I think that those who work to discourage any discussion of the fact that mental health issues can, in some cases, be a contributing factor to gender identity issues are doing a disservice to everyone. I have encountered many trans people who suffer from major mental health issues and yet move forward with transition – believing that their psychological issues arise only from being “born in the wrong body”. I am not saying anyone who has a predisposition for depression (for example) should be automatically excluded as a candidate for surgery but let’s be ok with talking about the potential root causes that lead someone to want to change their sex a little more instead of always going directly to the “born in the wrong body” stuff. I think more research needs to happen surrounding transsexualism and depression. Huge kudos go out to Jay McNeil, Louis Bailey, Sonja Ellis, James Morton & Maeve Regan and the Scottish Transgender Alliance for their important research and findings on transsexual mental health.
And while we’re at it let’s stop perpetuating acceptance of the totally unverified statistic that only 1-10% of all people who have had gender reassignment surgery have some form of regret. The fact is nobody really knows. The reason always given for this lack of data has always been that “trans people are too hard to track”. I think this has been true in the past, but I think we are easier to follow now if someone will make the effort. And there are still difficulties within the trans community feeling good about working “hand in hand” with academia. Over the decades there has been a build up in the distrust of academia (which is often encouraged by some of the more prominent members of the trans community) which discourages trans people from cooperating with any sort of research. That has to be healed. Members of the academic community are certainly not blameless here either – they need to repair some very real damage caused by a small number of individuals who abused their position of trust and respect as academics to engage in some pretty unethical behavior.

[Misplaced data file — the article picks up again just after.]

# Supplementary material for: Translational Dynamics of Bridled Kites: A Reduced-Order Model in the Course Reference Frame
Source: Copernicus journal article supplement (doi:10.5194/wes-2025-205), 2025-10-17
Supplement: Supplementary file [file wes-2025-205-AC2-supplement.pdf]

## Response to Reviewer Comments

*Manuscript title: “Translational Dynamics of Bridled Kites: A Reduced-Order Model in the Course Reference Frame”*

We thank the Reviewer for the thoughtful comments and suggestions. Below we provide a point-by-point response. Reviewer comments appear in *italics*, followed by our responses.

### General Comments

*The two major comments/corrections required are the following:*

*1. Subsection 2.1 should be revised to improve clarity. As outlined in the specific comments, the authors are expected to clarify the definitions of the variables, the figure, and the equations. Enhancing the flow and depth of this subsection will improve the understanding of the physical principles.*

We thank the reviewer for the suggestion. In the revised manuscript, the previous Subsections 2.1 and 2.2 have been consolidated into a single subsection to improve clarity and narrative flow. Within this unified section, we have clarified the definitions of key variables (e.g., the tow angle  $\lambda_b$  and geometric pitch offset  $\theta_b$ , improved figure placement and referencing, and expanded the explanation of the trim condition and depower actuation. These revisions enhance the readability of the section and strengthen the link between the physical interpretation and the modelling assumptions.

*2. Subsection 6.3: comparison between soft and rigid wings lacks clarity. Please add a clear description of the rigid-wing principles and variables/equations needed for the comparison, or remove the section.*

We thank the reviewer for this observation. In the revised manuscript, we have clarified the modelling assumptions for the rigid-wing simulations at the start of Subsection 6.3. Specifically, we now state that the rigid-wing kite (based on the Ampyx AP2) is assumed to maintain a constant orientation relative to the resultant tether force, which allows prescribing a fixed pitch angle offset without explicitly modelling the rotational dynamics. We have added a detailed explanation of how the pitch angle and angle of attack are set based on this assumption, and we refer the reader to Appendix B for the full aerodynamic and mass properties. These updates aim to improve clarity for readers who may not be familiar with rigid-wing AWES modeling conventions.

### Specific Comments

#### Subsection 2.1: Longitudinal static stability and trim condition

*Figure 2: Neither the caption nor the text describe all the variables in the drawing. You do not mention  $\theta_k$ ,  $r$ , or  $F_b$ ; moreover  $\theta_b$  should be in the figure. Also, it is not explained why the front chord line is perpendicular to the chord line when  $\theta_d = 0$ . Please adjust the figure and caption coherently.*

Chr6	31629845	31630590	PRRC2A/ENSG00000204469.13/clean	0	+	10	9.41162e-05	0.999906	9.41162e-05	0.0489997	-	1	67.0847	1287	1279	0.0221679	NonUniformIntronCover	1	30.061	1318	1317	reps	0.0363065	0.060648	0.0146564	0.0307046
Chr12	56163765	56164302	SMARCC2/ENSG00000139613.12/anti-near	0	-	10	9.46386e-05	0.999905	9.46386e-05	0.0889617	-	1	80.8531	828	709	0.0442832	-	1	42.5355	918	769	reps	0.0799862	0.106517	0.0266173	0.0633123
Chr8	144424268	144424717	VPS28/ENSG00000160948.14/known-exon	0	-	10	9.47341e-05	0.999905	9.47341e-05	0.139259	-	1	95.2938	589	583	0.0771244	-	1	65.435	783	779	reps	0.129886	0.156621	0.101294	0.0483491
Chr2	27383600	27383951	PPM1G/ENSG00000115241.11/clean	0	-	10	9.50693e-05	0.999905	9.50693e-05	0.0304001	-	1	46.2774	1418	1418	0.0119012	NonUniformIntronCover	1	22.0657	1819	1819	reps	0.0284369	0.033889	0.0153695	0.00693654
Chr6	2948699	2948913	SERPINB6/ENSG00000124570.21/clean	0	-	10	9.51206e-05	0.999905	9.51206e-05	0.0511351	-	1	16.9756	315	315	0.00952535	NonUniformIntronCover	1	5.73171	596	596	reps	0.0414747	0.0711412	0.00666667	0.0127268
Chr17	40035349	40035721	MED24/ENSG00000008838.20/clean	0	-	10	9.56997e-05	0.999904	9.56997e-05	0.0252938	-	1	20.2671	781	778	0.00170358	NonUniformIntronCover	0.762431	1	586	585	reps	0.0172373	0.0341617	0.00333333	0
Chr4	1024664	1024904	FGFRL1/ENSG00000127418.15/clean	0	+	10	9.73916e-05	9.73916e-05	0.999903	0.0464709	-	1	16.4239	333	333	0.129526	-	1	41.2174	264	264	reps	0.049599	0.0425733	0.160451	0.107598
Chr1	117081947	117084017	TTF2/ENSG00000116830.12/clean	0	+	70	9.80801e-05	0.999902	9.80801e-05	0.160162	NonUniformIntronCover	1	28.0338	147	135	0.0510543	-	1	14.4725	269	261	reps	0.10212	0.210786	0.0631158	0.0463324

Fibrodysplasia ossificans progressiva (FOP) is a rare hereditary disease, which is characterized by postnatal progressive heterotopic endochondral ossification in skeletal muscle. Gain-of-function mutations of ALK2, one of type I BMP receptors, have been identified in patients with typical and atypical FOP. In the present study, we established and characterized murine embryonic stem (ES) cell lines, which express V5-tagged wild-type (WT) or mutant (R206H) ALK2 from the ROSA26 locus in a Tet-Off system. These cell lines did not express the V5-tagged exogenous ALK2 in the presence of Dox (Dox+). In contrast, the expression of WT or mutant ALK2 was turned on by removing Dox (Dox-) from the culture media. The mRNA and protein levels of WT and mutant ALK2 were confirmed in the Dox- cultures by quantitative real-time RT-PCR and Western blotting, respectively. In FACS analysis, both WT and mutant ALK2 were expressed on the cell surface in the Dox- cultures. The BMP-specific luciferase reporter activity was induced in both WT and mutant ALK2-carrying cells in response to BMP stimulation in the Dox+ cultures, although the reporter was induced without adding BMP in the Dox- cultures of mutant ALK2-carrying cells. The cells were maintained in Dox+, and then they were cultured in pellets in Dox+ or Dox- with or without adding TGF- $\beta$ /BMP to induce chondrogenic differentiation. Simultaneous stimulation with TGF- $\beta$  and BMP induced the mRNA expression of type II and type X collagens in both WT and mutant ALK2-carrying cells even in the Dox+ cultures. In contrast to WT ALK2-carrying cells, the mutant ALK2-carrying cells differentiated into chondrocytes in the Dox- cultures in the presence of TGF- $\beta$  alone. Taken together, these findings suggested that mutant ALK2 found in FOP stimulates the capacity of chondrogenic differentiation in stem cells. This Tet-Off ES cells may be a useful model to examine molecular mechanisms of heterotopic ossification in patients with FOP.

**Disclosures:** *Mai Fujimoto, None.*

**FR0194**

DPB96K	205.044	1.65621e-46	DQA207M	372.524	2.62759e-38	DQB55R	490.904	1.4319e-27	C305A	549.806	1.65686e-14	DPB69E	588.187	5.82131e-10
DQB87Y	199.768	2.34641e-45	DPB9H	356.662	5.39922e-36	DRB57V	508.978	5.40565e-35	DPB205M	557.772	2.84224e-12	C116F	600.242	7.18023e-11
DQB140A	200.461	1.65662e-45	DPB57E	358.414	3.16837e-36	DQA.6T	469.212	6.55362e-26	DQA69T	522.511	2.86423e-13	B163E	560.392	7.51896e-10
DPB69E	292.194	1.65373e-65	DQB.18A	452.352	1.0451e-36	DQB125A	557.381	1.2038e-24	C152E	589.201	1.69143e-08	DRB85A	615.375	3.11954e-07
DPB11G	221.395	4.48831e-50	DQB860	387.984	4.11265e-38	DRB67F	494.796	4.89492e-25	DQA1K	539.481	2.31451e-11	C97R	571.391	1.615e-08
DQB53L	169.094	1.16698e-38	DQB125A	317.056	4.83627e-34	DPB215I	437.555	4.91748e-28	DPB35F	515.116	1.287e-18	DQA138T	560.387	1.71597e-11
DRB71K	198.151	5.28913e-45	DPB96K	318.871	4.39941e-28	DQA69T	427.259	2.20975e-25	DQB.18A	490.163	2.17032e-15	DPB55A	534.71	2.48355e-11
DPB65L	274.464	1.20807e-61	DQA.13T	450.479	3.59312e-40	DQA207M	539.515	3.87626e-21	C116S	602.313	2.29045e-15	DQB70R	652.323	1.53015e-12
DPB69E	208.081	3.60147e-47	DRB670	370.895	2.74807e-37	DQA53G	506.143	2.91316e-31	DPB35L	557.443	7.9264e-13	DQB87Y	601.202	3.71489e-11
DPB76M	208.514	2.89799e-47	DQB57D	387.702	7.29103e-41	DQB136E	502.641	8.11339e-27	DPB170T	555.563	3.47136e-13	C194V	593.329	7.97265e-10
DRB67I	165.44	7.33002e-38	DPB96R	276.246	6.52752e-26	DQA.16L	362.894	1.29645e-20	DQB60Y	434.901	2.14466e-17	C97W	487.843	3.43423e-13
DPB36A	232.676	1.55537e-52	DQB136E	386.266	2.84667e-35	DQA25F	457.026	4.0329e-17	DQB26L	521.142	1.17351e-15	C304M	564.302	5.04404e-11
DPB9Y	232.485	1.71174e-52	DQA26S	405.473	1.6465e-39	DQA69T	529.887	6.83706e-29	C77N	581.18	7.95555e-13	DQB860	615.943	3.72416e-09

And lastly – I should not be having as much trouble as I have been finding resources from within the LGBT community itself for coping with detransition. When I call (as I did last week) and speak with the nice woman who answers the phone at the World Professional Association for Transgender Health: WPATH she should not be taken aback when I ask about resources for people who detransition. All she really could offer me was a polite “that is a really good question” and admit she had no idea where to direct me.